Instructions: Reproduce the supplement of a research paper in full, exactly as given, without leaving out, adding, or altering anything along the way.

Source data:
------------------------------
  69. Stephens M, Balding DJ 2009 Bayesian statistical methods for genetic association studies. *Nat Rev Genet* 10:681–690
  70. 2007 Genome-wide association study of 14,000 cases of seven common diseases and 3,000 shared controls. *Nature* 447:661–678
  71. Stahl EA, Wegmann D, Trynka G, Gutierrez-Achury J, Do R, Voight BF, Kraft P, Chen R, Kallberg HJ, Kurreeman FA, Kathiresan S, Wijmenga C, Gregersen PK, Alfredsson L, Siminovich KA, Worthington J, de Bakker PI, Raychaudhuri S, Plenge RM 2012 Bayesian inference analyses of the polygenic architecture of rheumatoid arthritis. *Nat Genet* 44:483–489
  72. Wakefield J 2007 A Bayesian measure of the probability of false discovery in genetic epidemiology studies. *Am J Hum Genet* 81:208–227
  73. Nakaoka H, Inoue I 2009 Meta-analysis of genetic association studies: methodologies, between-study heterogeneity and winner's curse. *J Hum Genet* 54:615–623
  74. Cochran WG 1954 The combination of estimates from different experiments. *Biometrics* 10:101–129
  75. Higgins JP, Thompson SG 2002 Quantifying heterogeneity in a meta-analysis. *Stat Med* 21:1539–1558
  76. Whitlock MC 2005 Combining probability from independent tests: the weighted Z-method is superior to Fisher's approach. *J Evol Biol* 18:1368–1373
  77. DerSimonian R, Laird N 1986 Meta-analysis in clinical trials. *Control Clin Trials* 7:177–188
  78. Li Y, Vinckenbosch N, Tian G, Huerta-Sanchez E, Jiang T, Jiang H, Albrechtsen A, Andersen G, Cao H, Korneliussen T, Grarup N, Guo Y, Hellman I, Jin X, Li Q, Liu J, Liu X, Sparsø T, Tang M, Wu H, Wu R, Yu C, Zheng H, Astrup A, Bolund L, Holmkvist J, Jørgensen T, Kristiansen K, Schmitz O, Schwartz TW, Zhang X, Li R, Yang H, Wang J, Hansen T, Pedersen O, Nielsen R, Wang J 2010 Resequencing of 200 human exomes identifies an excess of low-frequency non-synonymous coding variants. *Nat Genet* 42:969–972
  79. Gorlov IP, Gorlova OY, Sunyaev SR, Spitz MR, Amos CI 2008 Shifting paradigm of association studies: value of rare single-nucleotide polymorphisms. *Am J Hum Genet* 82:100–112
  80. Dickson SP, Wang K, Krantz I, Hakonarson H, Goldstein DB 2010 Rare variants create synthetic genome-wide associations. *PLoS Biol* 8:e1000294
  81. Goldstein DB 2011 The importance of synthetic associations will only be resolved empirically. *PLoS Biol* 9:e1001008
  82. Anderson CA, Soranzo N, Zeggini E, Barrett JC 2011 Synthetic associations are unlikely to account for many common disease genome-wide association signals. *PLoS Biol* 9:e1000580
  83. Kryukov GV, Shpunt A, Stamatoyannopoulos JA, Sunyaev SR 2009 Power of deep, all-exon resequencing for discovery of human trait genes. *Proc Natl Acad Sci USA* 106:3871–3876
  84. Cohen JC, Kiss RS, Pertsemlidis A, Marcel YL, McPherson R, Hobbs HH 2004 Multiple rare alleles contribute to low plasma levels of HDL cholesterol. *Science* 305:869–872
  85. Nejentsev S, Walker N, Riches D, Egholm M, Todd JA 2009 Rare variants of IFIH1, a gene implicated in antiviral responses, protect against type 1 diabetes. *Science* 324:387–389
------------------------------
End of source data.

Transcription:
  69. Stephens M, Balding DJ 2009 Bayesian statistical methods for genetic association studies. *Nat Rev Genet* 10:681–690
  70. 2007 Genome-wide association study of 14,000 cases of seven common diseases and 3,000 shared controls. *Nature* 447:661–678
  71. Stahl EA, Wegmann D, Trynka G, Gutierrez-Achury J, Do R, Voight BF, Kraft P, Chen R, Kallberg HJ, Kurreeman FA, Kathiresan S, Wijmenga C, Gregersen PK, Alfredsson L, Siminovich KA, Worthington J, de Bakker PI, Raychaudhuri S, Plenge RM 2012 Bayesian inference analyses of the polygenic architecture of rheumatoid arthritis. *Nat Genet* 44:483–489
  72. Wakefield J 2007 A Bayesian measure of the probability of false discovery in genetic epidemiology studies. *Am J Hum Genet* 81:208–227
  73. Nakaoka H, Inoue I 2009 Meta-analysis of genetic association studies: methodologies, between-study heterogeneity and winner's curse. *J Hum Genet* 54:615–623
  74. Cochran WG 1954 The combination of estimates from different experiments. *Biometrics* 10:101–129
  75. Higgins JP, Thompson SG 2002 Quantifying heterogeneity in a meta-analysis. *Stat Med* 21:1539–1558
  76. Whitlock MC 2005 Combining probability from independent tests: the weighted Z-method is superior to Fisher's approach. *J Evol Biol* 18:1368–1373
  77. DerSimonian R, Laird N 1986 Meta-analysis in clinical trials. *Control Clin Trials* 7:177–188
  78. Li Y, Vinckenbosch N, Tian G, Huerta-Sanchez E, Jiang T, Jiang H, Albrechtsen A, Andersen G, Cao H, Korneliussen T, Grarup N, Guo Y, Hellman I, Jin X, Li Q, Liu J, Liu X, Sparsø T, Tang M, Wu H, Wu R, Yu C, Zheng H, Astrup A, Bolund L, Holmkvist J, Jørgensen T, Kristiansen K, Schmitz O, Schwartz TW, Zhang X, Li R, Yang H, Wang J, Hansen T, Pedersen O, Nielsen R, Wang J 2010 Resequencing of 200 human exomes identifies an excess of low-frequency non-synonymous coding variants. *Nat Genet* 42:969–972
  79. Gorlov IP, Gorlova OY, Sunyaev SR, Spitz MR, Amos CI 2008 Shifting paradigm of association studies: value of rare single-nucleotide polymorphisms. *Am J Hum Genet* 82:100–112
  80. Dickson SP, Wang K, Krantz I, Hakonarson H, Goldstein DB 2010 Rare variants create synthetic genome-wide associations. *PLoS Biol* 8:e1000294
  81. Goldstein DB 2011 The importance of synthetic associations will only be resolved empirically. *PLoS Biol* 9:e1001008
  82. Anderson CA, Soranzo N, Zeggini E, Barrett JC 2011 Synthetic associations are unlikely to account for many common disease genome-wide association signals. *PLoS Biol* 9:e1000580
  83. Kryukov GV, Shpunt A, Stamatoyannopoulos JA, Sunyaev SR 2009 Power of deep, all-exon resequencing for discovery of human trait genes. *Proc Natl Acad Sci USA* 106:3871–3876
  84. Cohen JC, Kiss RS, Pertsemlidis A, Marcel YL, McPherson R, Hobbs HH 2004 Multiple rare alleles contribute to low plasma levels of HDL cholesterol. *Science* 305:869–872
  85. Nejentsev S, Walker N, Riches D, Egholm M, Todd JA 2009 Rare variants of IFIH1, a gene implicated in antiviral responses, protect against type 1 diabetes. *Science* 324:387–389